Alex: “The main challenge when it comes to the floods of multi-omics data has clearly shifted from data acquisition to analysis. Currently, we are still lacking one of the foundations of the data ecosystem: the ability to annotate experimental raw data with consistent and sufficient metadata. As a result, integrative analyses remain difficult. The first step has already been taken: together with Lennart Martens, we propose a common format to store metadata. Next, we will need to coordinate guidelines, best practices and provide tools and training to implement this consistently across VIB’s Core Facilities and relevant research groups.”
To which extent will this boost VIB’s already strong position in the omics field?
Alex: “The integration and analysis of pooled omics datasets is not only interesting from a purely scientific point of view; it also comes with clear valorization potential. Unlocking this wealth of information and converting it into knowledge will set the scene for new start-ups in the bioinformatics area. I’m convinced that VIB will play a strategic role in this evolution: our current bioinformatics groups already boast highly complementary, world-class expertise in each of the relevant omics fields.”
Big data evolutions will also force scientists to hone specific skills. Are there any programs being set up to help us develop new competencies?
Alex: “Staying up-to-date is indeed crucial. That is why we are in the process of building the Bioinformatics and Computational Biology Community (CBBI). And because data science and analytics skills will probably become more important in the long run, we have been preselected for an international project called ‘HELIS Academy’ alongside other research institutes. Together with the Dutch Techcentre for Life Sciences and the Eindhoven University of Technology, we plan to co-develop a data science and analysis curriculum. If we are successful in the second round, a 15 day-course will be set up which allows scientists and bioinformaticians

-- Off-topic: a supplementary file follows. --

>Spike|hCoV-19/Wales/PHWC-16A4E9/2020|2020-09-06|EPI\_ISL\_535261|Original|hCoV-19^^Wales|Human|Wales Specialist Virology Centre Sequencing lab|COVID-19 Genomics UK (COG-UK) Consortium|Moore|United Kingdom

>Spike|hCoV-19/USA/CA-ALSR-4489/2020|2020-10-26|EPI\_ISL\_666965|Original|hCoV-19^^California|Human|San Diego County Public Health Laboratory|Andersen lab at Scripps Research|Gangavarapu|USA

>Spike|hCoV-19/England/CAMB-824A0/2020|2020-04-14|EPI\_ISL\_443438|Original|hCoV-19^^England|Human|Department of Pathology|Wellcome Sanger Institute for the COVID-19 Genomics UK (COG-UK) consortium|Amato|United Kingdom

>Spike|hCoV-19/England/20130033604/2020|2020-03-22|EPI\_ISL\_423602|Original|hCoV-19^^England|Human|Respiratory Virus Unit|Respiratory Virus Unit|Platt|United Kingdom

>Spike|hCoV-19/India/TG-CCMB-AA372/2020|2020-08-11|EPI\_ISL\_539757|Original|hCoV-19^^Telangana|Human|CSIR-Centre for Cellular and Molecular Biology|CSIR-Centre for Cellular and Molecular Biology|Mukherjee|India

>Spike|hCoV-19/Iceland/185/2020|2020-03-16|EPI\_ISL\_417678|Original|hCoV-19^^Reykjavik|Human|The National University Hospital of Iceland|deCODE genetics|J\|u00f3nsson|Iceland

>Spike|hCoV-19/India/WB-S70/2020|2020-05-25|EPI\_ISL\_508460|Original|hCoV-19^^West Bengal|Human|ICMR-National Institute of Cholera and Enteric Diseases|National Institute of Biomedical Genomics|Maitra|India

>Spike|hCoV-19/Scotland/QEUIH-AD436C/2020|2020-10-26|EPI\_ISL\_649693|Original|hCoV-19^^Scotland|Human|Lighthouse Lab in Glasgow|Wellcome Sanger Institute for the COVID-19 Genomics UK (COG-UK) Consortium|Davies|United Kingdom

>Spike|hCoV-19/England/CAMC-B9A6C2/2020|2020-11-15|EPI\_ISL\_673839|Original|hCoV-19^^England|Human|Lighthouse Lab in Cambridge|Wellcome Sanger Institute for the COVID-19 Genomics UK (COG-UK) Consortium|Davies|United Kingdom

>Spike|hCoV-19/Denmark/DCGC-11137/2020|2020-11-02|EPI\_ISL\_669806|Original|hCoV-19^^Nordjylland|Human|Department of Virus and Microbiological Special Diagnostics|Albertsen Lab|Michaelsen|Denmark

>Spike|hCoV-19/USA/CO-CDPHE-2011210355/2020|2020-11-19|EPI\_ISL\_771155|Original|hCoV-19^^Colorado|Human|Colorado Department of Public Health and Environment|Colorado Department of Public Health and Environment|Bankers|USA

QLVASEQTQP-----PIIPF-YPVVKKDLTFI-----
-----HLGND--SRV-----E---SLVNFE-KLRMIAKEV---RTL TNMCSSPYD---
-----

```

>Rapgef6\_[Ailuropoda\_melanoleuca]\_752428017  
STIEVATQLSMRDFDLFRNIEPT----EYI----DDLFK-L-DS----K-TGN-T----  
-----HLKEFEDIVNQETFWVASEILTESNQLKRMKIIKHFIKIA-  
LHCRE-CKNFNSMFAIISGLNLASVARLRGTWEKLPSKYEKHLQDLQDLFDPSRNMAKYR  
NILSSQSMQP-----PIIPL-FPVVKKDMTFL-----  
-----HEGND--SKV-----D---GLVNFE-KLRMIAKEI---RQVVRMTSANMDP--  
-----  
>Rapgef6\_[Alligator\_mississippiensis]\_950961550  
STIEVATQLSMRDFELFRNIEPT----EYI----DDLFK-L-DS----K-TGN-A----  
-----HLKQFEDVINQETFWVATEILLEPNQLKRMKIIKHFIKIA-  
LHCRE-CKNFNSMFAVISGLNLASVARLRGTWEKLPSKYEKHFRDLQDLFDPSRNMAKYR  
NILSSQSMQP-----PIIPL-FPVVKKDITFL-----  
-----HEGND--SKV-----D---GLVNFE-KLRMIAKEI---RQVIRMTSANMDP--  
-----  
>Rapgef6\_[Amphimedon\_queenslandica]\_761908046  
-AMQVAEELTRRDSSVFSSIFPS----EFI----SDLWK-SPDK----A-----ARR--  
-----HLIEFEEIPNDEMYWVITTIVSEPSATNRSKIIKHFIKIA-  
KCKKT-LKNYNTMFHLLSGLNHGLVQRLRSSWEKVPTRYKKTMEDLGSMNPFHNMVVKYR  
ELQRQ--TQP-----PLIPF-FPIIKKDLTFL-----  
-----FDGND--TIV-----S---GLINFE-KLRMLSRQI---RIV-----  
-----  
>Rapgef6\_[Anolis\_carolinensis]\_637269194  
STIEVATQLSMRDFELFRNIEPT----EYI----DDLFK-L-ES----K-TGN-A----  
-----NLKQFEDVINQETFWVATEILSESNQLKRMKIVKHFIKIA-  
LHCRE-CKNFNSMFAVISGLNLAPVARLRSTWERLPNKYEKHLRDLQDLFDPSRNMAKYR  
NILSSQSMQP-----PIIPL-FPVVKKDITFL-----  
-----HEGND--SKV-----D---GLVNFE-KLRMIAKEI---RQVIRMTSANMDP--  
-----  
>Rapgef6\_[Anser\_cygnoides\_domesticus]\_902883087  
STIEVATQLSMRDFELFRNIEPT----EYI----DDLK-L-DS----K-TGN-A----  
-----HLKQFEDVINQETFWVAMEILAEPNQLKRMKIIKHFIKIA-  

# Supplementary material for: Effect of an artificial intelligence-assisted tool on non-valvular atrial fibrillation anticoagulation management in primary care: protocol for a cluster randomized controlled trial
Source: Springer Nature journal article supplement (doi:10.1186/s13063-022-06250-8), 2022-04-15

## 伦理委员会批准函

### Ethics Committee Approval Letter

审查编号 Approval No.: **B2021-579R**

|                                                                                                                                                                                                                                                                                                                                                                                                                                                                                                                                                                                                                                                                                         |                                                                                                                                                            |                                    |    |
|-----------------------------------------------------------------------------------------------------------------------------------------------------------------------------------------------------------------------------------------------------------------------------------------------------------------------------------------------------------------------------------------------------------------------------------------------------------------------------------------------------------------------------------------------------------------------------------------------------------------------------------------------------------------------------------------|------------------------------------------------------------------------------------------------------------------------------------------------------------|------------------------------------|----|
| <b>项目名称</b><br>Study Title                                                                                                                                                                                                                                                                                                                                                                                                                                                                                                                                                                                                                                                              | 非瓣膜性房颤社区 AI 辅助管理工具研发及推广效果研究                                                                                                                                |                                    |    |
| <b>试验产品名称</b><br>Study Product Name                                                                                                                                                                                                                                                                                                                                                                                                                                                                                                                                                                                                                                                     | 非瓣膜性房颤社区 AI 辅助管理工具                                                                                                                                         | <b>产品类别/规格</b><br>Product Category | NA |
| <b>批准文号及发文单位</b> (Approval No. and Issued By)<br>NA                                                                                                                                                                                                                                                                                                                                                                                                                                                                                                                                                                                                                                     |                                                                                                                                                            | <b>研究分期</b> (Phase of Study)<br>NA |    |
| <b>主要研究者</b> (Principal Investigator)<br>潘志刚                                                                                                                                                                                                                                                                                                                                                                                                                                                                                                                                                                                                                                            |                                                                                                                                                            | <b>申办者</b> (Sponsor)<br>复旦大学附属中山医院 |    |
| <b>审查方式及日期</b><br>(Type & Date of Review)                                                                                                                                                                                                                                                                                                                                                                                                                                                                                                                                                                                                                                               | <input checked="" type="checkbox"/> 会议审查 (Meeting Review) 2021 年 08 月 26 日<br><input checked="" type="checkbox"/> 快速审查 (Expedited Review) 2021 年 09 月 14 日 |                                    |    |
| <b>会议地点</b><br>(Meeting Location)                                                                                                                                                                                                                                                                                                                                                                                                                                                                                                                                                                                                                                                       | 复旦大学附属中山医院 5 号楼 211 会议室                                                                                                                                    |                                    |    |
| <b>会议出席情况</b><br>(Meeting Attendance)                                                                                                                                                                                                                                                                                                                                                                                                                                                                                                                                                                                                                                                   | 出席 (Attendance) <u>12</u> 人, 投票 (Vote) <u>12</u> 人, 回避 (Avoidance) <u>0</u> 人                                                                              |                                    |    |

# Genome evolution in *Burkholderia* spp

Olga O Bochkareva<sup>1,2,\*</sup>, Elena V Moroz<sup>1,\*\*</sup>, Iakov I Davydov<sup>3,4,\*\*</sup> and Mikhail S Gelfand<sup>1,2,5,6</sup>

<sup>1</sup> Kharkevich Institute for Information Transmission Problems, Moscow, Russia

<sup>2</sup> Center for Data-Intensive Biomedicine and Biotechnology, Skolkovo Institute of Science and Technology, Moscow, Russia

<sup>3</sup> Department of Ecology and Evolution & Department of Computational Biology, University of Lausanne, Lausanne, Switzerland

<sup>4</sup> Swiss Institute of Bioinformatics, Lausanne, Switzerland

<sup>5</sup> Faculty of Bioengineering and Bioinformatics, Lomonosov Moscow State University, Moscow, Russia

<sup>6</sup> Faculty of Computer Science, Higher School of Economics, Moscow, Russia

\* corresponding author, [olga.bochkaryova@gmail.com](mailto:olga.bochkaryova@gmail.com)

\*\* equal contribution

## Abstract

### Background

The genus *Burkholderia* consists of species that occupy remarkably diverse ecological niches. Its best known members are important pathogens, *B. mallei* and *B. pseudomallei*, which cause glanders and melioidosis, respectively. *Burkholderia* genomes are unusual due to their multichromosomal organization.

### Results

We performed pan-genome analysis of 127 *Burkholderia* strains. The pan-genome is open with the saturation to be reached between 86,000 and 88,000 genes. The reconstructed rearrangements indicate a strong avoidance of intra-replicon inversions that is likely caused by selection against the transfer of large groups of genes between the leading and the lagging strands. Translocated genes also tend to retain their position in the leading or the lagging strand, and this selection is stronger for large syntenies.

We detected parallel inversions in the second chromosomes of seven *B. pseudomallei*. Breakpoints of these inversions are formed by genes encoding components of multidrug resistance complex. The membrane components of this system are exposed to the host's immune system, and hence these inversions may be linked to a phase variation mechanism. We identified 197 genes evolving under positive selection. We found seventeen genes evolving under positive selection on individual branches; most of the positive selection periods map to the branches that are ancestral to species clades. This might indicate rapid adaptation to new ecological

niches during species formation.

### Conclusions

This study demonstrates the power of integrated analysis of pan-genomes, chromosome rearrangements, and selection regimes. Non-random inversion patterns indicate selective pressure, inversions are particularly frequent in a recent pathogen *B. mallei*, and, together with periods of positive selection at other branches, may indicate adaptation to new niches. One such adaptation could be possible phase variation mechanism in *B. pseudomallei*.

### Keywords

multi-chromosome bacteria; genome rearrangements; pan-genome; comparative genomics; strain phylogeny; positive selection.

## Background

from VIB and beyond to obtain the appropriate skill sets for big data in life science. And secondly, this curriculum should allow interns in the biotech sector to enter the job market more easily.”
On a European scale, ELIXIR was recently launched. How does our Bioinformatics Core fit into that initiative?
Alex: “It’s definitely closely intertwined. As the ELIXIR Training Coordinator, I’m working together with our VIB Bioinformatics trainers Janick Mathys and Christof De Bo, and ELIXIR Belgium to build a Belgian bioinformatics training community. We are also organizing training courses related to ELIXIR focus areas. For example, we’re developing an introductory course on computational skills needed for data management and analysis. We have also included the training materials and events of our Belgian ELIXIR partners in the online ELIXIR TeSS platform.”
To conclude, how can life sciences harness the power of big data and focus their investments on high-impact returns?
Alex: “It’s a big leap from real-world evidence to life science data, because diverse data sets must be combined in a well-integrated data and analytics ecosystem. Our scientific frontrunners play an essential role in this story, as they are the ones who help define the possibilities of big data. As a research institute, we will have to position ourselves like life science businesses. This means embracing the opportunities of big data as a key differentiator to solve fundamental scientific questions to the benefit of society.”
Discover TeSS, ELIXIR’s online training platform on bioinformatics via www.bits.vib.be/elixir